See previous – Mistake #10: "The Dyson Effect"
What I am referring to here is a reliance on historical data – particularly data from last year. In the top 10 rankings of applicants mistakes for the class of 2016, this is the only one where there is a great deal of overlap for law schools. In other words, law schools make this mistake just as much as (or more than) law students. It is harming both students and schools alike. But, I am here to talk about the law school applicant side of things. Let’s look at some data.
As of 03/15/13, there are 336,122 Fall 2013 applications submitted by 48,674 applicants. Applicants are down 17.6% and applications are down 21.5% from 2012 (Source). Since 2004, the number of law-school applicants has dropped from almost 100,000 to 54,000. Enrollment at law schools, however, has not mirrored this trend-line. Here’s the graph: http://static5.businessinsider.com/image/51084c756bb3f7641f00000b-621/law-school-applications.png
Easily seen on the graph, then, is an inflection point towards a 1 to 1 ratio of applications to enrollment. Good for the legal community? Perhaps not. Good for law school? Definitely not. Good for YOU, the applicant. Heck yes.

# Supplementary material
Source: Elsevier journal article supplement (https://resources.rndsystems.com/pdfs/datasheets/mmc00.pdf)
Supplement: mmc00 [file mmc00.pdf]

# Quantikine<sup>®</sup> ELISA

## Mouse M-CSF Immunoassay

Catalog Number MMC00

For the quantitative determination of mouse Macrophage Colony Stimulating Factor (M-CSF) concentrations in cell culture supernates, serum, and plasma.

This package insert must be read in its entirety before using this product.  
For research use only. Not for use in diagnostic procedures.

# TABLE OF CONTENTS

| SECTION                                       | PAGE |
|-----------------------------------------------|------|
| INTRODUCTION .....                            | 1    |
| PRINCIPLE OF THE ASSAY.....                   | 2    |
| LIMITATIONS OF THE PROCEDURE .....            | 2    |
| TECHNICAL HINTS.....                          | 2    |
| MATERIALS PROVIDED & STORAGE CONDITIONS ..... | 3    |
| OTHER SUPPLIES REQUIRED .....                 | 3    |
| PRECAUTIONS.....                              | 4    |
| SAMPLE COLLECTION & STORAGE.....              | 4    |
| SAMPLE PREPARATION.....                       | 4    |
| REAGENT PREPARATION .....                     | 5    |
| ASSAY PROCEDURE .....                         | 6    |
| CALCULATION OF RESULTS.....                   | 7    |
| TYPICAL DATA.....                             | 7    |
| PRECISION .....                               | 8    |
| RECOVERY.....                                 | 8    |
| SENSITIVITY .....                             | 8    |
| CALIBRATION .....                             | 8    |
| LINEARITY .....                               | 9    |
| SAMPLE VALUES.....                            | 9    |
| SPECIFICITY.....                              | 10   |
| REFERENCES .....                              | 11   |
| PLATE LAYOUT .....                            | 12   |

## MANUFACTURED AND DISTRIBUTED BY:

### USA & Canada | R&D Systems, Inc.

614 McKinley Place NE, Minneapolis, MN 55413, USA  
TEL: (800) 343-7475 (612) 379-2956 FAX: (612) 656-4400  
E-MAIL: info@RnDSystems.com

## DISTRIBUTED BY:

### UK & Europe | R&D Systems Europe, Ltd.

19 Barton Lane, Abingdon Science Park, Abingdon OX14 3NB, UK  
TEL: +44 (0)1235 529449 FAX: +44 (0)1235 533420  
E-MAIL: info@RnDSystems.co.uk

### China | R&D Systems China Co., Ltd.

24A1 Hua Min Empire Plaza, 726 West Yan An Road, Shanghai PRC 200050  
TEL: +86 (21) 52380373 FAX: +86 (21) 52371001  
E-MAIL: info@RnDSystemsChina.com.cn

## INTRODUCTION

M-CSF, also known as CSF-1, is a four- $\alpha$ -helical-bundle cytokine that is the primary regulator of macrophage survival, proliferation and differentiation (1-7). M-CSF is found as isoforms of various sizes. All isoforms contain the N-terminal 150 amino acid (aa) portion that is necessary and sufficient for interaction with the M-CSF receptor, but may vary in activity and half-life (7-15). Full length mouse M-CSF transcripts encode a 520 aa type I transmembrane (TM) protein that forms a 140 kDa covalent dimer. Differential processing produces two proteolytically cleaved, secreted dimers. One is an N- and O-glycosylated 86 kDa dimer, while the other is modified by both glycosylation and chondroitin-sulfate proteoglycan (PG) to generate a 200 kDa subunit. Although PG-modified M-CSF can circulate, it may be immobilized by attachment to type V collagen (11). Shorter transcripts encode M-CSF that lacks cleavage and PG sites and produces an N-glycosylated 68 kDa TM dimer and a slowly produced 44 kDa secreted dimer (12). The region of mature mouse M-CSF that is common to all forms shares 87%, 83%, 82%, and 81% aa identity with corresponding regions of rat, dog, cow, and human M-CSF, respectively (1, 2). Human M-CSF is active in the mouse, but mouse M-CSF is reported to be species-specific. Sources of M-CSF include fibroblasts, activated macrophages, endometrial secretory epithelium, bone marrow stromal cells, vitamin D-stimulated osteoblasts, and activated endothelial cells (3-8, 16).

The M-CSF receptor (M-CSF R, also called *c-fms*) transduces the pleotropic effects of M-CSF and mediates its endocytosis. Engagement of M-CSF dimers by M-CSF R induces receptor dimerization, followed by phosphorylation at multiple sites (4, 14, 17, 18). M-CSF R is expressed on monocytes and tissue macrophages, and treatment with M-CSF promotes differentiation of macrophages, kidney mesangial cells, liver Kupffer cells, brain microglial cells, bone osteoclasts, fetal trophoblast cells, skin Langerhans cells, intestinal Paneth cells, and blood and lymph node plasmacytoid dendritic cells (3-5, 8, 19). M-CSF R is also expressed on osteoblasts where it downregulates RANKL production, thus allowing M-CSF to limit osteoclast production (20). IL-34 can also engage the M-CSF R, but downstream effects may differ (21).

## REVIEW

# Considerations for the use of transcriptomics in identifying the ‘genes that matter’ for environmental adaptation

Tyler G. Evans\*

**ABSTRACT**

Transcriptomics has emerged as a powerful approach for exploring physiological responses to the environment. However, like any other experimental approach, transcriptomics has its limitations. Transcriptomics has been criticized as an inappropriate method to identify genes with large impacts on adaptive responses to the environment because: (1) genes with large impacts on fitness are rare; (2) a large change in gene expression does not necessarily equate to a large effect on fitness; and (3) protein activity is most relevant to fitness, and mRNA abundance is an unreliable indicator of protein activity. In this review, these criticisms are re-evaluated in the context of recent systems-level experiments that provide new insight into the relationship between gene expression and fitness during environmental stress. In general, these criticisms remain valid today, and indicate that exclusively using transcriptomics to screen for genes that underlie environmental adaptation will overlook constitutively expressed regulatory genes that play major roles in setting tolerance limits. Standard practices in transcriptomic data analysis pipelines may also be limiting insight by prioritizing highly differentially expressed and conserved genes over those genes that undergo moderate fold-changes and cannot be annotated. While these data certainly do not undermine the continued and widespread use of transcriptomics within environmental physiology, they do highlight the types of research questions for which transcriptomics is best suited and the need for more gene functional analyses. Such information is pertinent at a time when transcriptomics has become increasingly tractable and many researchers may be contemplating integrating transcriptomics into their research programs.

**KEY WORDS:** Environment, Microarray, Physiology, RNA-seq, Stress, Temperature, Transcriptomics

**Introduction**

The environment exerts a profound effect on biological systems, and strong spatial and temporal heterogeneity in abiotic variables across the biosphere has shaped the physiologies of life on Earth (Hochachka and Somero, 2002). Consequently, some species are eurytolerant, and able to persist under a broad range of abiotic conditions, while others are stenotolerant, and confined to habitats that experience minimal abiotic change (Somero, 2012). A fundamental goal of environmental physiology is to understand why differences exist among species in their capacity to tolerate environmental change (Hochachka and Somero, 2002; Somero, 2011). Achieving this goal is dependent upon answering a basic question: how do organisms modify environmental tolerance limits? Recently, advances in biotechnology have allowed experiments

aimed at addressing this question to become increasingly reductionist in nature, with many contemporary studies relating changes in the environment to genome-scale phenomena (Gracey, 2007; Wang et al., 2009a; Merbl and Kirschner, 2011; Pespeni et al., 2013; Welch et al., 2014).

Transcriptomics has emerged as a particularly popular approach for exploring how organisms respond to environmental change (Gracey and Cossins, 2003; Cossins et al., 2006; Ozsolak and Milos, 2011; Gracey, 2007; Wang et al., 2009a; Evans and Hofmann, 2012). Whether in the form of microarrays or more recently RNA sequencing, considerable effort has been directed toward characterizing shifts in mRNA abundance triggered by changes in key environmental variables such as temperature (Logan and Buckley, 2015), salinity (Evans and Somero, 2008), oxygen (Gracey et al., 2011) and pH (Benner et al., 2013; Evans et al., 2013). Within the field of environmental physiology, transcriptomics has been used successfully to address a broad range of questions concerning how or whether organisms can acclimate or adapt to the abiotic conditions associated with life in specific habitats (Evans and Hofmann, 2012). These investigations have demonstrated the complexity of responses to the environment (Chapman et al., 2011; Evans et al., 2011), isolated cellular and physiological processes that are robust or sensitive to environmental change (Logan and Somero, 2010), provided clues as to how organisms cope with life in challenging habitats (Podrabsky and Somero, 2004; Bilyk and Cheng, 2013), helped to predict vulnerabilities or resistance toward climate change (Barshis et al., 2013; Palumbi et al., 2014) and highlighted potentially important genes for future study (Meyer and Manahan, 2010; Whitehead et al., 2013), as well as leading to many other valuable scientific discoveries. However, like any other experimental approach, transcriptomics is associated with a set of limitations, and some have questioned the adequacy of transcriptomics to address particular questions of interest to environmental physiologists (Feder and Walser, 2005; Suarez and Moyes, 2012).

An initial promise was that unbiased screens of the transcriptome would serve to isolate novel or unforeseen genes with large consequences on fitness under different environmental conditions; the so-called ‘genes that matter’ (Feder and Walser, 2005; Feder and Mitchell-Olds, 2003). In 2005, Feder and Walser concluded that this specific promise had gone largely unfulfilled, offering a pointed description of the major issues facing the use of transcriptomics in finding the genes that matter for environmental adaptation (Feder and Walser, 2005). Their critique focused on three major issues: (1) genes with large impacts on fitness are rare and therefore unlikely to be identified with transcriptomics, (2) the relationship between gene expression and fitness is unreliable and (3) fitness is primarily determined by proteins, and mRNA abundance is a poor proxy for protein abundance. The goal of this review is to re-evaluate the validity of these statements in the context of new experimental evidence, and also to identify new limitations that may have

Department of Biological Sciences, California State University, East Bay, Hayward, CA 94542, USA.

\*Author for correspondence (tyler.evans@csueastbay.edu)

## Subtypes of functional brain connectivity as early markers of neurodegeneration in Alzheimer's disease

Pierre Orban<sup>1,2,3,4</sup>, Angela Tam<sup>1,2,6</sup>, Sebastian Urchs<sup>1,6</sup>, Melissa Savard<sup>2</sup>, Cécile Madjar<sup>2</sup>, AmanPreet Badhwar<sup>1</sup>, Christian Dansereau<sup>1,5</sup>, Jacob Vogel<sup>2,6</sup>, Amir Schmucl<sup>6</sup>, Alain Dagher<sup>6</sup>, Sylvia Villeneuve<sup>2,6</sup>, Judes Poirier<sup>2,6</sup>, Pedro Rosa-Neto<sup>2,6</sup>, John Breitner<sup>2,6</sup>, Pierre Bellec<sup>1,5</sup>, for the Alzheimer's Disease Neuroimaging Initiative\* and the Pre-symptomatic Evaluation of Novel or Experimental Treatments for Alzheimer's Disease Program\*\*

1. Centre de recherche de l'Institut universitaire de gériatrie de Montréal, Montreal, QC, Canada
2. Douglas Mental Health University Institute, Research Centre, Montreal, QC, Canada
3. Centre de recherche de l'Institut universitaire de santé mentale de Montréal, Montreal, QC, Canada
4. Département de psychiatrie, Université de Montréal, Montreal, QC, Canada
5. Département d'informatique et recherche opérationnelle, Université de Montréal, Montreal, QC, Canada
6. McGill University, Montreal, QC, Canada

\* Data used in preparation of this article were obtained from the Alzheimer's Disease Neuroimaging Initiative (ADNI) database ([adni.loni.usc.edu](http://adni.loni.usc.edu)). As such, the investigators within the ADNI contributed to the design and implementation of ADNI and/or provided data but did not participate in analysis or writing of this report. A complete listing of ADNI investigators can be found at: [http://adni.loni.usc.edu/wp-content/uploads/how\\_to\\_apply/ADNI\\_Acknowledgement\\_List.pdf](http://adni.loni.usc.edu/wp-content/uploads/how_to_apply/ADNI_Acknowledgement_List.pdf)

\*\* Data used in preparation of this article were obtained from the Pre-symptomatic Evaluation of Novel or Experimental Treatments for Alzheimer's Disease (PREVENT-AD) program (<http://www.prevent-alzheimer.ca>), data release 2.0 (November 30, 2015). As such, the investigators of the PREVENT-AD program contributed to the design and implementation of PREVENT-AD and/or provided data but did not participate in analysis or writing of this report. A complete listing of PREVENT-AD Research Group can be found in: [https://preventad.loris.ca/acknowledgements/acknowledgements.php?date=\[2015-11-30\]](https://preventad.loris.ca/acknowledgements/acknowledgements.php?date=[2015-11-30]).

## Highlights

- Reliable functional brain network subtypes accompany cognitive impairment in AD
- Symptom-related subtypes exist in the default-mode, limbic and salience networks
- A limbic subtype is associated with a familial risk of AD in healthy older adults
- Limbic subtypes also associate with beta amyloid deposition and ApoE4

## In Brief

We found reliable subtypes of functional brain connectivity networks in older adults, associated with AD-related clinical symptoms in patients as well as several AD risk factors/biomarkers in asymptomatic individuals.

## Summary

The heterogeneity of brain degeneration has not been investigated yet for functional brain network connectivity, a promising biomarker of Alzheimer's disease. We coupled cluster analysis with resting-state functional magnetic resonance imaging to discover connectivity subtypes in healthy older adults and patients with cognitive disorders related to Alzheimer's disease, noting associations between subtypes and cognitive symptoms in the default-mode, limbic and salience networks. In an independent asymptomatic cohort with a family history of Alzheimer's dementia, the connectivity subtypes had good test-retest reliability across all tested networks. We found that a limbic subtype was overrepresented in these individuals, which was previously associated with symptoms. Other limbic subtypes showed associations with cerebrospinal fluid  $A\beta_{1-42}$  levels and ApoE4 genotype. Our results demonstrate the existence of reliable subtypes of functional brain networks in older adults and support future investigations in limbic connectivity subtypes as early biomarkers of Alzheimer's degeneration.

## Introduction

The problem, of sorts, are those ubiquitous US News Rankings and ease of access to any law school’s median *from the previous year. *Indeed, each year’s medians present a problem for applicants — as they are simply a reflection that half of that school’s entering class scored above the given score or uGPA, and half that scored below. Often applicants do not look at the illustrated medians like this, but rather “goals I must get to be admitted at that school.”
But the bigger problem this year is that the times (or in this case medians) they are a changin. Let me say it right now, the median LSATs and uGPA at many law schools are going to sink like a stone. Put another way, due to the lack of supply of applicants and corresponding (even higher) lack of LSAT scores at 165 and above, there are going to be some select “winners” among law schools and a great deal of “losers” who will miss on on class metrics that they had last year.
This means, of course, it is a buyers market unlike ever before. Do not worry so much about the exact medians of last year to predict what your chances of admissions may be. I have clients who are below both medians from last year admitted at their top schools. Do not look at scholarship results from last year as a predictor of this year. I have clients who, compared to admitted students with the very same numbers on lawschoolnumbers.com from last year, have already received double the amount of scholarship offers form the same school.
Leverage is in your court this year and many of the past models of predictive value for admissions and for merit scholarships can be thrown out. Look at THIS year’s data, when you can, and realize you are approaching this cycle from a position of power.
Full disclosure There isn’t a Part II, but then again I don’t think the Mel Brooks movie “History of the World” had a part II either.